One of the nation’s leading atheist groups has lost another round in its legal battle to remove steel beams found in the shape of a cross after the Sept. 11 attacks on the World Trade Center, now on display at New York’s new National Sept. 11 Memorial and Museum.
The Second Circuit Court of Appeals unanimously ruled on Monday in favor of the defendants, the Port Authority of New York and New Jersey, arguing that the display of the “Ground Zero Cross” does not violate the separation of church and state or imply that the government has taken a position on Christianity.
The Ground Zero Cross, a 17-foot high column and crossbeam, was discovered among World Trade Center debris by construction worker Frank Silecchia two days after the Sept. 11 attacks. Moved by the artifact, he decided to show it to other workers, and the cross quickly became a symbol of hope for first-responders as well as families and friends of victims of the terrorist strike.
The group American Atheists argued that any display of the Ground Zero Cross would violate the Establishment and Equal Protection clauses of the U.S. Constitution, as well as similar protections granted in New York and New Jersey state law.
Attorney Matthew Dowd represented one of the defendants, Franciscan priest Fr. Brian Jordan, who blessed the artifact in the weeks following the attacks and began to conduct services at the cross site for those of all faiths as the clean-up and rescue operation proceeded around him.
Mr. Dowd called Monday’s ruling a “resounding victory” for the museum and for all who found hope through the artifact.
“They’re allowed to display the cross without it being whitewashed in a way that the American Atheists wanted it to be,” Mr. Dowd said. “It’s a pretty straightforward opinion. It takes a common-sense approach that just because something has a religious connotation … it doesn’t require that the First Amendment says it should be excluded from a museum.”
American Atheists President David Silverman called the decision a disappointment, saying “the court relied on the words of religious persons, ignoring statements to the contrary from atheists, that a Christian cross is comforting to a non-religious population. The opposite is true.”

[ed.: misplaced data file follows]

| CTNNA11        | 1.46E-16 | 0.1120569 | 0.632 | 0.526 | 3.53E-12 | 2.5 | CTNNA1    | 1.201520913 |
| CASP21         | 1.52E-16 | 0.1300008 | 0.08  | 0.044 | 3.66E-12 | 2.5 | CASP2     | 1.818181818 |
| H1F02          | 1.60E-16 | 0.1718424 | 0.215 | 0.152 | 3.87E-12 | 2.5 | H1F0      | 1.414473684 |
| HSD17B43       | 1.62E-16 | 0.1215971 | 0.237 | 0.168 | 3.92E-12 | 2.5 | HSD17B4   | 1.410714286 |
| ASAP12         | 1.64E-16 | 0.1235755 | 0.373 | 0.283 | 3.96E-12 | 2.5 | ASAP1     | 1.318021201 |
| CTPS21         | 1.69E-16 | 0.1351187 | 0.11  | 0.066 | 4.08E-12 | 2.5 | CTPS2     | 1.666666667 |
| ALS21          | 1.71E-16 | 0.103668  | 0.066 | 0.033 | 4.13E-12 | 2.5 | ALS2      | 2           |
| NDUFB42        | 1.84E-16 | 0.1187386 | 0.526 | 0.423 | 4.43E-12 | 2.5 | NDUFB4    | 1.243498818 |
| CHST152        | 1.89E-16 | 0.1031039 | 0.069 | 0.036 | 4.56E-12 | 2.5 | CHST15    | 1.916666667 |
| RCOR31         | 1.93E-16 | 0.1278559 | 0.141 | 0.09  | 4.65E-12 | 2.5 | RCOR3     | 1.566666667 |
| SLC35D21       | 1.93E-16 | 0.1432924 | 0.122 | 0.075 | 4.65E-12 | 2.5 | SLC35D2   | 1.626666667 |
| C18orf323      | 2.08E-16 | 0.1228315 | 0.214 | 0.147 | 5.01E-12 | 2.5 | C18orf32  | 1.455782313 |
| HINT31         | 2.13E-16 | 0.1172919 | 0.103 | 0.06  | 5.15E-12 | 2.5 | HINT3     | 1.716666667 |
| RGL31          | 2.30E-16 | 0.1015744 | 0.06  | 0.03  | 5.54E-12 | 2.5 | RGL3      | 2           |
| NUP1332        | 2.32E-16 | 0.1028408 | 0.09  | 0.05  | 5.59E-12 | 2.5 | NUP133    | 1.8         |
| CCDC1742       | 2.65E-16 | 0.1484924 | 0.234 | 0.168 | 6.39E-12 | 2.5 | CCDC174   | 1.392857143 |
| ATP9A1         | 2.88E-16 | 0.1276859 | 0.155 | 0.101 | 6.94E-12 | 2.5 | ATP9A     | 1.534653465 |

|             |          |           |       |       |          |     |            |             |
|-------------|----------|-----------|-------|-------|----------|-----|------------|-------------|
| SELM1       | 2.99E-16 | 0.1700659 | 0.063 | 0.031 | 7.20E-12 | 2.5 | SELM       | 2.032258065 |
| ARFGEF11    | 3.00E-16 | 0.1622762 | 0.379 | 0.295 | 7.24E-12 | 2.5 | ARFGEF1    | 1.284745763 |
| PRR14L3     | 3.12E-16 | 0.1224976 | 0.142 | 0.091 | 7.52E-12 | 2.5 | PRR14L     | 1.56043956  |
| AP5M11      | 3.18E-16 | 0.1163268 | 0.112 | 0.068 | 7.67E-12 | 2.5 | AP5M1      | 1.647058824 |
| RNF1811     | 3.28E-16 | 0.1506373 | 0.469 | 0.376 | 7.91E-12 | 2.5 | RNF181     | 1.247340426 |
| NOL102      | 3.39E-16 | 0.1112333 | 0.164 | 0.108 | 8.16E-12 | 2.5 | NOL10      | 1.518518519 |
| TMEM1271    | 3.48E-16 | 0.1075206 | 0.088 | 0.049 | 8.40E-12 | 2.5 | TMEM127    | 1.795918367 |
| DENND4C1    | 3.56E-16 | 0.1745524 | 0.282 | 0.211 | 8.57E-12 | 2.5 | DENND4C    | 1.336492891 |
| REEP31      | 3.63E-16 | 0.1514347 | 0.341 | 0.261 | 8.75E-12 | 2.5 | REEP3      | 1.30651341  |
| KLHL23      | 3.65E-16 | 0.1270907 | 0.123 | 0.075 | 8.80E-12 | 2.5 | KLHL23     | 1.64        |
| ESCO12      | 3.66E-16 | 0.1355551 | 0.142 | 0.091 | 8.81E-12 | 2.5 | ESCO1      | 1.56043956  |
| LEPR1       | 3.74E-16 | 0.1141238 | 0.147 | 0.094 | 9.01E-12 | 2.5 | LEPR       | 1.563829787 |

Organization officials said they haven’t decided whether or not to appeal Monday’s ruling.
The case initially came before the New York Supreme Court in July 2011, nearly three years before the museum opened. It was moved to the U.S. District Court for the Southern District of New York a month later.
The district court ruled in favor of the Port Authority, and the atheist group subsequently appealed the decision in 2013. The appeals court heard the case in March.
In its appeal, Atheist Americans conceded that the Ground Zero Cross is a historic artifact worthy of being in the museum, but argued that a plaque should be on display commemorating the lives of atheists who lost their lives on 9/11. The court found that the museum had not violated the Constitution or discriminated against atheists by not funding a symbol or plaque for such victims.
The museum clearly defines its purpose for being on display, in that it’s used to “tell the story of how some people used faith to cope with the tragedy,” Judge Renna Raggi wrote for the court.
An observer of the museum exhibit would not “think the primary effect of displaying The Cross at Ground Zero to be conveying a message to atheists that they are somehow disfavored ‘outsiders,’ while religious believers are favored ‘insiders,’ in the political community,” the judge concluded.
The cross is currently part of an exhibit entitled “Finding Meaning at Ground Zero,” which includes nonreligious and religious artifacts alike. The museum opened to the public in May.
The American Center for Law and Justice heralded the decision as a victory, saying “we are thankful for this victory for the Constitution, our national heritage, and for common sense.” The center, which filed an amicus brief in the case, said it expected a likely appeal by American Atheists.